This blog post was contributed by LWV of Connecticut president Carol Reimers.
Election security is all about voter confidence. If voters lose that confidence, if they feel their voice is not being heard, that’s a bigger problem for society.
This is what I shared as a member of a panel on Election Security. Connecticut Secretary of the State, Denise Merrill, asked me to join her, Congressman Jim Himes, and UConn Center for Voting Technology Research Director, Alex Russell to raise awareness on election security.
It was clear to the entire panel that threats to election security are a serious concern and they will most likely never go away. That being said, we must still be vigilant to prevent all types of election tampering, from foreign attempts to hack voting machines to social media posts by people who want to influence the vote with false identities and information. We know that there are multiple attempts to penetrate and change the election process appearing every day.
Congressman Himes noted that the nation’s “security apparatus— Homeland Security and FBI — has learned a lot. … Our outward-facing security services are very, very good.” But what he is more concerned about is the “successful penetration of the American electoral system through technological means” by using misleading or false ads running on social media outlets. “These are very sophisticated injections into the uglier fissures of American society designed to get people riled up and angry,” he said. “How can we as American citizens inoculate ourselves against stuff that might get our passions boiling, our anger boiling but is designed to manipulate us as citizens in a democracy.”
Secretary Merrill concurred with Himes that the greatest threat to campaigns is disinformation. Russian IP addresses did try to penetrate the Connecticut system but the firewalls and other processes held. Connecticut has established a cybersecurity task force and they will be using the $10 million received from the federal government to monitor the system. However, more funding is needed as safe voting machines and cybersecurity is a costly endeavor. The funds still waiting to be approved by the U.S. Senate would help immensely.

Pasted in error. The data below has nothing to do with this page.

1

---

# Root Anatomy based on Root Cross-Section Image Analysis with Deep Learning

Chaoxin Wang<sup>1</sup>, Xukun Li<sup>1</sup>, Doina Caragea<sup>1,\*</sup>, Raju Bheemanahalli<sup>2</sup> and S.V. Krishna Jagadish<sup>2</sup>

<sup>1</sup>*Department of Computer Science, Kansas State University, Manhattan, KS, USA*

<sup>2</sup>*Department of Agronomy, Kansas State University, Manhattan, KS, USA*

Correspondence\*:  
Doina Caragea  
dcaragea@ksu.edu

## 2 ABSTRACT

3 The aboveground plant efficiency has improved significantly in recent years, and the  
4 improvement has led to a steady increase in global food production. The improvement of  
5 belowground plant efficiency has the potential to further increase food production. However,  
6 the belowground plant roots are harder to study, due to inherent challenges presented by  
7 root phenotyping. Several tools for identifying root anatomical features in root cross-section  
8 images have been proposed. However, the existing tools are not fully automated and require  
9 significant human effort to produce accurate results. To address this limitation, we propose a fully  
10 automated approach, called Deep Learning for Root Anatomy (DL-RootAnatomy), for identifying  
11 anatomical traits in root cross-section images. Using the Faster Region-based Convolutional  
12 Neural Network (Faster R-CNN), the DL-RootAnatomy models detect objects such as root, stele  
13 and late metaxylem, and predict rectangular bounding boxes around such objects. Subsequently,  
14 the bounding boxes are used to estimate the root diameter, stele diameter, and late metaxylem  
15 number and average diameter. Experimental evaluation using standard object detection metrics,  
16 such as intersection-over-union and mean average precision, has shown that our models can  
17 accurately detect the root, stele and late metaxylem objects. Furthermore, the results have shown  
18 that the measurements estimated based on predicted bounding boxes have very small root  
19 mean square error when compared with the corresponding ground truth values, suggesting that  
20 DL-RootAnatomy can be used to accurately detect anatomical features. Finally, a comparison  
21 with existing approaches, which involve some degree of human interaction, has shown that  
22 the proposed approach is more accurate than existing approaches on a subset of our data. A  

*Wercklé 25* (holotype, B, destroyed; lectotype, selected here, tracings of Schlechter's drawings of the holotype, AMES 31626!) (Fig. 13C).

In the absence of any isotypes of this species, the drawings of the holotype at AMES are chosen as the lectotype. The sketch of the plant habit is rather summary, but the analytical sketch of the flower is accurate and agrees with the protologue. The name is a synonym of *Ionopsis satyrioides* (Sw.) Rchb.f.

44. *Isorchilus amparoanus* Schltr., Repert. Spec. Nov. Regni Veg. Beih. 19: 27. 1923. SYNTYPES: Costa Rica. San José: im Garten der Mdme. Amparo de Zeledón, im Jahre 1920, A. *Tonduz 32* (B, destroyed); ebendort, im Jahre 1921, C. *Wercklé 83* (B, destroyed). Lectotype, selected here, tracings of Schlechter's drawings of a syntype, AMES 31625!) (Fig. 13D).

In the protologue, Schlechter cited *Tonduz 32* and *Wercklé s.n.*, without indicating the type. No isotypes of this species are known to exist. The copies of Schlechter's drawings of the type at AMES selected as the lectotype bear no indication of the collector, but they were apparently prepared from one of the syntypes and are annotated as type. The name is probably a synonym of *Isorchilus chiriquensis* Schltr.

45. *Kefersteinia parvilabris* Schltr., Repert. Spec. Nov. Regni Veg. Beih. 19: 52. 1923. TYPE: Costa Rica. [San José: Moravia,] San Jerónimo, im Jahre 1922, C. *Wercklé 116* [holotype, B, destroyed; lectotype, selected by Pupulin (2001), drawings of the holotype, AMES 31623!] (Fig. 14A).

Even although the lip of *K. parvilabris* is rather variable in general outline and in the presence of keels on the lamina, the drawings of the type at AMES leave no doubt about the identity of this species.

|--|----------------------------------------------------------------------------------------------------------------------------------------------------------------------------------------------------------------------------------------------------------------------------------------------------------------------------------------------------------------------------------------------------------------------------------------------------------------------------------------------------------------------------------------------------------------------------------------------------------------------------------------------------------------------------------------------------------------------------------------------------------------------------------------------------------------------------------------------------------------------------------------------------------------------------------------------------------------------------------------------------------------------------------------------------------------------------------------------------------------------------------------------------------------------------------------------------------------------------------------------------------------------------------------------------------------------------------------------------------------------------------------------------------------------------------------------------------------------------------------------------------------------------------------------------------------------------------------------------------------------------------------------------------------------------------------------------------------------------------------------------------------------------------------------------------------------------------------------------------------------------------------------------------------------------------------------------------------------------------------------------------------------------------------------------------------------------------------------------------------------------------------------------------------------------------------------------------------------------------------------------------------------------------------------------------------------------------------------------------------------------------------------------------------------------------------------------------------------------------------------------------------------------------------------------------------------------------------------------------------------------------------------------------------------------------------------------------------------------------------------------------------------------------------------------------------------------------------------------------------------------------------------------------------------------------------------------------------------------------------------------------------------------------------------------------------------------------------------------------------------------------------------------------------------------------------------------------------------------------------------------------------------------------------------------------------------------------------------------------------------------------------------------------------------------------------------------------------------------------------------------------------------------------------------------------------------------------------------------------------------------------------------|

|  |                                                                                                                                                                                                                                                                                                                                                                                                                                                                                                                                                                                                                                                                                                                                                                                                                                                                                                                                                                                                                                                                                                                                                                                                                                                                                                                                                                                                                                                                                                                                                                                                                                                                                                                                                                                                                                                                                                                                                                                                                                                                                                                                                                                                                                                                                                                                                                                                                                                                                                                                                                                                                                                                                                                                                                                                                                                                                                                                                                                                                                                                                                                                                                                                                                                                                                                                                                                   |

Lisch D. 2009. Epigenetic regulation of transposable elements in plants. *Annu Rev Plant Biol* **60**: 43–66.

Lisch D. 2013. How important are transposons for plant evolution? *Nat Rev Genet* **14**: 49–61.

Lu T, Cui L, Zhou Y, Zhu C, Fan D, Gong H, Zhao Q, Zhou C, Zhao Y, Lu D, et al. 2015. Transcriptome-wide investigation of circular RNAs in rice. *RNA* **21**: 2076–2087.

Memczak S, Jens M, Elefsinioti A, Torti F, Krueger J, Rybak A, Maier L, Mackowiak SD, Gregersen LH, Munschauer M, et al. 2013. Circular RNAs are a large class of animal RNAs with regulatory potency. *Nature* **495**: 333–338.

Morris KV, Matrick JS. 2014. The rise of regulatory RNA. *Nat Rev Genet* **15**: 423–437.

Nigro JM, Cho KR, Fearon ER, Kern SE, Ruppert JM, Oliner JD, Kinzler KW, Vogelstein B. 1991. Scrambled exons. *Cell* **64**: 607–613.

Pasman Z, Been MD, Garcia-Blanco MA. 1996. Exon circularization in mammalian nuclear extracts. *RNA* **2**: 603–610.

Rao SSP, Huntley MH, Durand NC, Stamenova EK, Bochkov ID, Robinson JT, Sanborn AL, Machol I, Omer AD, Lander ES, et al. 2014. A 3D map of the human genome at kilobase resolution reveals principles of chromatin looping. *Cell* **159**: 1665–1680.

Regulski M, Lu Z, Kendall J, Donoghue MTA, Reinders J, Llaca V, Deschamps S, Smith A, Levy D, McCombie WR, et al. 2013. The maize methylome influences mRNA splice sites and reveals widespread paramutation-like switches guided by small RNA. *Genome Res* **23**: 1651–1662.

What can we do?
The League is working on better election security legislation. We, as individuals, each have to take responsibility for what we read, say and do on social media. There are things that citizens can do to fight attempts to influence elections:
- Be more skeptical before accepting at face value ads and social media posts,
- Check their voter registration status and make sure they are ready to vote,
- Look for news sources that strive to be factual and not just say what we want to hear.
Alex Russell suggested two approaches, the first one being education. “Humans are slowly adapting to the device they have with them 24/7 and need to realize not everything you see online is the truth, the other part is to try to provide whatever protection we can through regulation.”
Congressman Himes stated that there are major issues at play, in that “a new and immensely powerful technology that we’re still figuring out bumps headlong into a deeply held value of freedom of expression.” He was pleased that Twitter has decided to not run political ads and hoped that Facebook does the same. And while they do not face First Amendment issues since As private companies they do not face First Amendment issues but “how much do you want [them] to decide what you see?”
The problem is twofold: what can happen and what people perceive. Congressman Himes shared that “It’s really important to have conversations. There are vulnerabilities,” but as someone who sees threats early, through his position on the House Intelligence Committee, he is “watchfully optimistic.”
“We are on the job. We’ve got lots of good advice and we’re using best practices. Things can always go wrong. It’s how we deal with it in the aftermath, ” added Secretary Merrill.
The bottom line is that we all know that voter confidence is essential to a well-functioning democracy. Government must be watchful and wary. Citizens need to know that when they cast their vote they will be participating in a safe and secure election process.